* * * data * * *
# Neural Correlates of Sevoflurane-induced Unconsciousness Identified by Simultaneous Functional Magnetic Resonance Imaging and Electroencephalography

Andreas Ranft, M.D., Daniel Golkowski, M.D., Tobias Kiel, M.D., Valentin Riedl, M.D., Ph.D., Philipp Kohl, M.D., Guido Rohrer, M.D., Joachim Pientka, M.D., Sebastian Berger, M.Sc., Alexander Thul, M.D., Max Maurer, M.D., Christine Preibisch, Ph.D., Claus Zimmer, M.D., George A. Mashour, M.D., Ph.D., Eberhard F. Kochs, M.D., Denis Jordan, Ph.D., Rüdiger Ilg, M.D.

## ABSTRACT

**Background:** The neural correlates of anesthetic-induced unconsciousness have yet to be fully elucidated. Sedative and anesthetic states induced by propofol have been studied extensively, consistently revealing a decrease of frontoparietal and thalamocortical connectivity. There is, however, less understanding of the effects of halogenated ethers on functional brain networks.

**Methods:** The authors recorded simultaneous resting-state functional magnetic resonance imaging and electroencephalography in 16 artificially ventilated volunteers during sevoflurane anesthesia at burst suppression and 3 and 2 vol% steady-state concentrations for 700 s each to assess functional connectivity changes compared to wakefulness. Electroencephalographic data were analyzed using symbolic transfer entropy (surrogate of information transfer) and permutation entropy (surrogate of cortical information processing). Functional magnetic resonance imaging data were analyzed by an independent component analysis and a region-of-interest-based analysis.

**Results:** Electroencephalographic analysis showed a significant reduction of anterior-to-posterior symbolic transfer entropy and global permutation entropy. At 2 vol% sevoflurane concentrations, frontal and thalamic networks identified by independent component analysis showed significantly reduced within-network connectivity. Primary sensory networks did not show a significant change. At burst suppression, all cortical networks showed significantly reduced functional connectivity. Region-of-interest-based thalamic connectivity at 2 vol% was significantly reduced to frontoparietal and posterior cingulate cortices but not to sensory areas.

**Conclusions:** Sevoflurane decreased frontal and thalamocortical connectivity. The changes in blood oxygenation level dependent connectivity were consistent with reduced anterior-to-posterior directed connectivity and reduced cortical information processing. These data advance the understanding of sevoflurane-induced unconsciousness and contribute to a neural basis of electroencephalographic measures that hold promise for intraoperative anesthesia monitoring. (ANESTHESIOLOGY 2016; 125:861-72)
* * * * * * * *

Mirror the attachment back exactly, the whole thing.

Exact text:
# Neural Correlates of Sevoflurane-induced Unconsciousness Identified by Simultaneous Functional Magnetic Resonance Imaging and Electroencephalography

Andreas Ranft, M.D., Daniel Golkowski, M.D., Tobias Kiel, M.D., Valentin Riedl, M.D., Ph.D., Philipp Kohl, M.D., Guido Rohrer, M.D., Joachim Pientka, M.D., Sebastian Berger, M.Sc., Alexander Thul, M.D., Max Maurer, M.D., Christine Preibisch, Ph.D., Claus Zimmer, M.D., George A. Mashour, M.D., Ph.D., Eberhard F. Kochs, M.D., Denis Jordan, Ph.D., Rüdiger Ilg, M.D.

## ABSTRACT

**Background:** The neural correlates of anesthetic-induced unconsciousness have yet to be fully elucidated. Sedative and anesthetic states induced by propofol have been studied extensively, consistently revealing a decrease of frontoparietal and thalamocortical connectivity. There is, however, less understanding of the effects of halogenated ethers on functional brain networks.

**Methods:** The authors recorded simultaneous resting-state functional magnetic resonance imaging and electroencephalography in 16 artificially ventilated volunteers during sevoflurane anesthesia at burst suppression and 3 and 2 vol% steady-state concentrations for 700 s each to assess functional connectivity changes compared to wakefulness. Electroencephalographic data were analyzed using symbolic transfer entropy (surrogate of information transfer) and permutation entropy (surrogate of cortical information processing). Functional magnetic resonance imaging data were analyzed by an independent component analysis and a region-of-interest-based analysis.

**Results:** Electroencephalographic analysis showed a significant reduction of anterior-to-posterior symbolic transfer entropy and global permutation entropy. At 2 vol% sevoflurane concentrations, frontal and thalamic networks identified by independent component analysis showed significantly reduced within-network connectivity. Primary sensory networks did not show a significant change. At burst suppression, all cortical networks showed significantly reduced functional connectivity. Region-of-interest-based thalamic connectivity at 2 vol% was significantly reduced to frontoparietal and posterior cingulate cortices but not to sensory areas.

**Conclusions:** Sevoflurane decreased frontal and thalamocortical connectivity. The changes in blood oxygenation level dependent connectivity were consistent with reduced anterior-to-posterior directed connectivity and reduced cortical information processing. These data advance the understanding of sevoflurane-induced unconsciousness and contribute to a neural basis of electroencephalographic measures that hold promise for intraoperative anesthesia monitoring. (ANESTHESIOLOGY 2016; 125:861-72)